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United States v. Clay
Brief for Amici Curiae National Association of Criminal Defense Lawyers, Washington Legal Foundation, Cato Institute, Reason Foundation and Twelve Criminal and Business Law Scholars In Support of Defendants-Appellant Todd S. Farha's Petition for Rehearing En Banc.
Argument: The Court should grant appellant's petition for rehearing and rehearing en banc. The Supreme Court in Global-Tech expressly held that "deliberate indifference" is a less demanding and therefore inadequate formulation of "knowledge." "Deliberate indifference" is not "knowledge." Permitting knowledge to be satisfied by proof of "deliberate indifference" would eliminate an essential check on prosecutorial power, violate the separation of powers, and open the floodgates for further overcriminalization.
Farha v. United States
Brief of Amici Curiae National Association of Criminal Defense Lawyers and Seventeen Law Professors in Support of Petition for a Writ of Certiorari.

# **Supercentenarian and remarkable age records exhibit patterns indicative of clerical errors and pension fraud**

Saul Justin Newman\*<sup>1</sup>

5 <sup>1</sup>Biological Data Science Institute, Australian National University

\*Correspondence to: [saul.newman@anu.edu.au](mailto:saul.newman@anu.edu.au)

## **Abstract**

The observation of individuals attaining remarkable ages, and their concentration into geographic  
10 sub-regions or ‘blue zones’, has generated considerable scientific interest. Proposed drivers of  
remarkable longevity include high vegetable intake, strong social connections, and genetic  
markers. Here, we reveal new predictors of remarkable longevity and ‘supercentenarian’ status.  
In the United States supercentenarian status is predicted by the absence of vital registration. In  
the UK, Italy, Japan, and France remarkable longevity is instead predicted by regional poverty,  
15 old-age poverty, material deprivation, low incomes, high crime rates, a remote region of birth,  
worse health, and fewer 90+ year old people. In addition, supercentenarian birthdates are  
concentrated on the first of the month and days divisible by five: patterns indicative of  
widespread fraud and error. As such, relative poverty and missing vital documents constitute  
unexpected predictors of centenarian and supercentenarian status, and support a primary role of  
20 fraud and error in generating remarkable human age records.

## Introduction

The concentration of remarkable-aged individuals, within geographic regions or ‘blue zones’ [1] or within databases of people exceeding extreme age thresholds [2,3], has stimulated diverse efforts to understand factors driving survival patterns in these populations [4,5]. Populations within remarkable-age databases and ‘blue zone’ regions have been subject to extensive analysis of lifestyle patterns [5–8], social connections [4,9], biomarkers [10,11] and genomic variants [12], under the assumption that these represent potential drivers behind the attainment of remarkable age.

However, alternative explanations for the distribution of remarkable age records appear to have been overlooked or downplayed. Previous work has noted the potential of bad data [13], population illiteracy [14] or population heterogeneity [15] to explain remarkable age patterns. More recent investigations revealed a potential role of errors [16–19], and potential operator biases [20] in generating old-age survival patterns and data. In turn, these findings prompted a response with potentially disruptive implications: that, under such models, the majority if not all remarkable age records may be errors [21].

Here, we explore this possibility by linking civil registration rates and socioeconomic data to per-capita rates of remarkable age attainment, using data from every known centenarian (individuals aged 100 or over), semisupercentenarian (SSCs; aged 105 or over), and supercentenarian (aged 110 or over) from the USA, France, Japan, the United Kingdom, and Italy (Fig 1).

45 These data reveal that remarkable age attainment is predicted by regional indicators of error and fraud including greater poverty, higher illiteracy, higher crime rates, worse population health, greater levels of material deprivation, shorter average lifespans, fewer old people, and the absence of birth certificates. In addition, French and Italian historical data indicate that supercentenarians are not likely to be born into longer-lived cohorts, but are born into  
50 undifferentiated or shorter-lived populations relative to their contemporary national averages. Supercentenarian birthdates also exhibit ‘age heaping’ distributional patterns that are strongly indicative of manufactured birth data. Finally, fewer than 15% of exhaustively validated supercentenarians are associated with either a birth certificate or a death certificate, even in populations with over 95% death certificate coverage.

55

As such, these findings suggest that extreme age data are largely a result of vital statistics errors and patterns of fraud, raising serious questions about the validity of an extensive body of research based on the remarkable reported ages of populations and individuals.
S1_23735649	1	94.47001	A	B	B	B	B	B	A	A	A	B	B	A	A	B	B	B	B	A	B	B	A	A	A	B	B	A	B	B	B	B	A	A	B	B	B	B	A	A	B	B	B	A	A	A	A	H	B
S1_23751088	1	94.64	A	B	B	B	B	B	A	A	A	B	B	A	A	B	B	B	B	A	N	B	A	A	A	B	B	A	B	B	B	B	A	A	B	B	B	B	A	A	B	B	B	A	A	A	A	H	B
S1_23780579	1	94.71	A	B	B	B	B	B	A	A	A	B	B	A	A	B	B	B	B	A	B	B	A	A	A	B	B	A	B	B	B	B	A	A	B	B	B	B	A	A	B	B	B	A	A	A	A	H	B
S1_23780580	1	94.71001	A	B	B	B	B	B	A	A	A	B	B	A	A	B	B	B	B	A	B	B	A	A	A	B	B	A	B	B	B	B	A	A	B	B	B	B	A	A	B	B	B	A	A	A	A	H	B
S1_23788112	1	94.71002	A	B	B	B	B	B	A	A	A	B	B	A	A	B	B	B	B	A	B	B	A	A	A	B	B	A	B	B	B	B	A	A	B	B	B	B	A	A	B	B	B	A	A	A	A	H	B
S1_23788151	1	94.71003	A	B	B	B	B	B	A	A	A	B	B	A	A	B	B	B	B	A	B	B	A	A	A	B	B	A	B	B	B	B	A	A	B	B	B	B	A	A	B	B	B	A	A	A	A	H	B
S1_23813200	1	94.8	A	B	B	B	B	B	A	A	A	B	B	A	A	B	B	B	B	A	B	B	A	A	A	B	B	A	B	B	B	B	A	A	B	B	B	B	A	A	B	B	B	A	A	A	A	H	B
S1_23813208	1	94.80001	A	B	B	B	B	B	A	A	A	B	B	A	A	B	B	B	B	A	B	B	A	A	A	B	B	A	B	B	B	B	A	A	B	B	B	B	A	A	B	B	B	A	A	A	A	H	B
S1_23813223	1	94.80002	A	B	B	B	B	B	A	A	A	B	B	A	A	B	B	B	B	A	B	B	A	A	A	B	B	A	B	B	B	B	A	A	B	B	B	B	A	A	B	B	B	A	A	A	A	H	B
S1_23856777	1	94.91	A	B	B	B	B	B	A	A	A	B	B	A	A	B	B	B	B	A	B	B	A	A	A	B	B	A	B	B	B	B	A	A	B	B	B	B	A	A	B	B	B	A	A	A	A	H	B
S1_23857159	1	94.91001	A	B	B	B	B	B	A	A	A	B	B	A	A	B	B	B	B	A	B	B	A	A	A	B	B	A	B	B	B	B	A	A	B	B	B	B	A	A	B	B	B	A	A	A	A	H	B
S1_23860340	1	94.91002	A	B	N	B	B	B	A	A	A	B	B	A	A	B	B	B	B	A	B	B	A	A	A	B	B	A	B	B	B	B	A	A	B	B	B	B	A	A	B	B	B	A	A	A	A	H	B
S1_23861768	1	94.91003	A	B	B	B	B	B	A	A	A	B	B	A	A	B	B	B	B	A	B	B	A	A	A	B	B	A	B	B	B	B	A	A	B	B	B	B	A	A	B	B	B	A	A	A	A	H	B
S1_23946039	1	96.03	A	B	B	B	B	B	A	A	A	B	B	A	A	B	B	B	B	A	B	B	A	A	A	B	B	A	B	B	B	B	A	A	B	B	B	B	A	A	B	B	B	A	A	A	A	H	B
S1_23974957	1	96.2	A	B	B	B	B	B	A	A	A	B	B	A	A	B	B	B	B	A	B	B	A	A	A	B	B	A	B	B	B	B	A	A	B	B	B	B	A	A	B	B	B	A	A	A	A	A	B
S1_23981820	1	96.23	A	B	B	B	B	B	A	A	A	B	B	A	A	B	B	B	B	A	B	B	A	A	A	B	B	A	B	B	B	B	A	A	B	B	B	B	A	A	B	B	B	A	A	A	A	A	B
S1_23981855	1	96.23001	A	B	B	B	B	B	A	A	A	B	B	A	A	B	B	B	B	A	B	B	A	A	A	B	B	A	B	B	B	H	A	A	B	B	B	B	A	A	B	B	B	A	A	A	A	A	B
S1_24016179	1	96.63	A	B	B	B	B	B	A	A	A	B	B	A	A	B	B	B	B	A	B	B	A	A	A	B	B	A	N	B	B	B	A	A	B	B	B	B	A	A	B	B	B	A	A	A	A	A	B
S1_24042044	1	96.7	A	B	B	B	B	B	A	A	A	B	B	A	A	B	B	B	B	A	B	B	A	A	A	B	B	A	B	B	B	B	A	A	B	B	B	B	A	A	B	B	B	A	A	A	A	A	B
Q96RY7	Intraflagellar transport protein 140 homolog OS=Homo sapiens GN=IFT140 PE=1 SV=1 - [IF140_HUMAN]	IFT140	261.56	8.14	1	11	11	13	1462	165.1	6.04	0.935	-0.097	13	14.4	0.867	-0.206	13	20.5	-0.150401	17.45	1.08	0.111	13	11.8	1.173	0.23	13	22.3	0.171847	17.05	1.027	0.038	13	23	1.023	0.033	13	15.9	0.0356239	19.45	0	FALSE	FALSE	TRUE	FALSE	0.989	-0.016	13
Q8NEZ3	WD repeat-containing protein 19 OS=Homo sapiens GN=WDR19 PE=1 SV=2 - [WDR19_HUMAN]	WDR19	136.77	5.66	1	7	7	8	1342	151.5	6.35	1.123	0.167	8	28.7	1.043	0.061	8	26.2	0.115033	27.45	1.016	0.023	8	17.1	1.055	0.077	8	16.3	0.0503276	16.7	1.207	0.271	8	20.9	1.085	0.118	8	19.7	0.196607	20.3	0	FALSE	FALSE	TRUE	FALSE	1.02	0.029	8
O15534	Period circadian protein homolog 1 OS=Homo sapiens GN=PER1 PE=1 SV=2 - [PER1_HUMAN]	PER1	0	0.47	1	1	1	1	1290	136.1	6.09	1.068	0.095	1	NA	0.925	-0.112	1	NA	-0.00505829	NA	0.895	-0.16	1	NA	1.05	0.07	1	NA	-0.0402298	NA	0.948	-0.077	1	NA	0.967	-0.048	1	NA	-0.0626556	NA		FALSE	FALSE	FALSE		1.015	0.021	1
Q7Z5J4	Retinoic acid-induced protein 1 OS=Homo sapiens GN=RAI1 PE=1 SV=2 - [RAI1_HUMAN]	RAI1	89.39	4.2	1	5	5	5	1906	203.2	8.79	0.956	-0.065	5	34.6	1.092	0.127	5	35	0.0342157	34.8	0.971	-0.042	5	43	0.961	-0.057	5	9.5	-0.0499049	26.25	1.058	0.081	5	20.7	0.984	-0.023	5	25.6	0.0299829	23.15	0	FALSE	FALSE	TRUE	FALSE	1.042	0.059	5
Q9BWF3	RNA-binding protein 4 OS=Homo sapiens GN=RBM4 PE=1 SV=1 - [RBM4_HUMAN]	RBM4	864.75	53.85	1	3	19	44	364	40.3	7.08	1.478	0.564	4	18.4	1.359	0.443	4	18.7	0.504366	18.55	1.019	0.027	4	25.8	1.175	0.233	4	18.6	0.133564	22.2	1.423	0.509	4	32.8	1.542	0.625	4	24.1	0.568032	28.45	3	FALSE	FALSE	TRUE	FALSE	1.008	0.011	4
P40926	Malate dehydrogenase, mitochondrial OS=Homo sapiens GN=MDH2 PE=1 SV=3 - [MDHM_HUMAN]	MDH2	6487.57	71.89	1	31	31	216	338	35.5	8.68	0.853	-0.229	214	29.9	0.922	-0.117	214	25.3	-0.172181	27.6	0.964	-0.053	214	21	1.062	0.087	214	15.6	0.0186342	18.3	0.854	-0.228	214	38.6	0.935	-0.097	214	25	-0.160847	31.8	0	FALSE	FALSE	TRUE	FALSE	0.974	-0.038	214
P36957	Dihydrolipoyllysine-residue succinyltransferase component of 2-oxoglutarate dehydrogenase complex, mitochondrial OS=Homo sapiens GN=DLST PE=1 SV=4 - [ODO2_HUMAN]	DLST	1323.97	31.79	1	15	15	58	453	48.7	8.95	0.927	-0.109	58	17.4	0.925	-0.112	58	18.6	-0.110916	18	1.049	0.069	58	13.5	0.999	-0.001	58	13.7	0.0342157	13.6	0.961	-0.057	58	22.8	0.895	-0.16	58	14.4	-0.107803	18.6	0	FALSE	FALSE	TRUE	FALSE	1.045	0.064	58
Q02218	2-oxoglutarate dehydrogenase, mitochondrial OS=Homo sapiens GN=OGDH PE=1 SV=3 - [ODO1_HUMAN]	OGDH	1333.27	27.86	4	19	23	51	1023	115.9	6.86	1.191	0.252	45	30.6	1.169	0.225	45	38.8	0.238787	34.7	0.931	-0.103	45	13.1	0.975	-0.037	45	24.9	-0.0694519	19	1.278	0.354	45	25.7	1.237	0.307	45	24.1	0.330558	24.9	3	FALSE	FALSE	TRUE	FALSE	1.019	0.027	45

Argument: The court of appeals' decision warrants this Court's review for four reasons. First, by substituting "deliberate indifference" for the statutory element of knowledge, the decision contravenes decades of this Court's mens rea jurisprudence, beginning with Morissette v. United States, 342 U.S. 246 (1952). Second, the decision conflicts squarely with Global-Tech Appliances, Inc. v. SEB S.A., 563 U.S. 754 (2011), which expressly rejected deliberate indifference as a substitute for knowledge. Third, downgrading knowledge to deliberate indifference would confer even greater discretion on federal prosecutors—who already hold enormous power—and violate the separation of powers. Fourth, the court of appeals' decision has potentially far-reaching consequences, given the broad array of federal criminal statutes that require proof of the defendant's knowledge.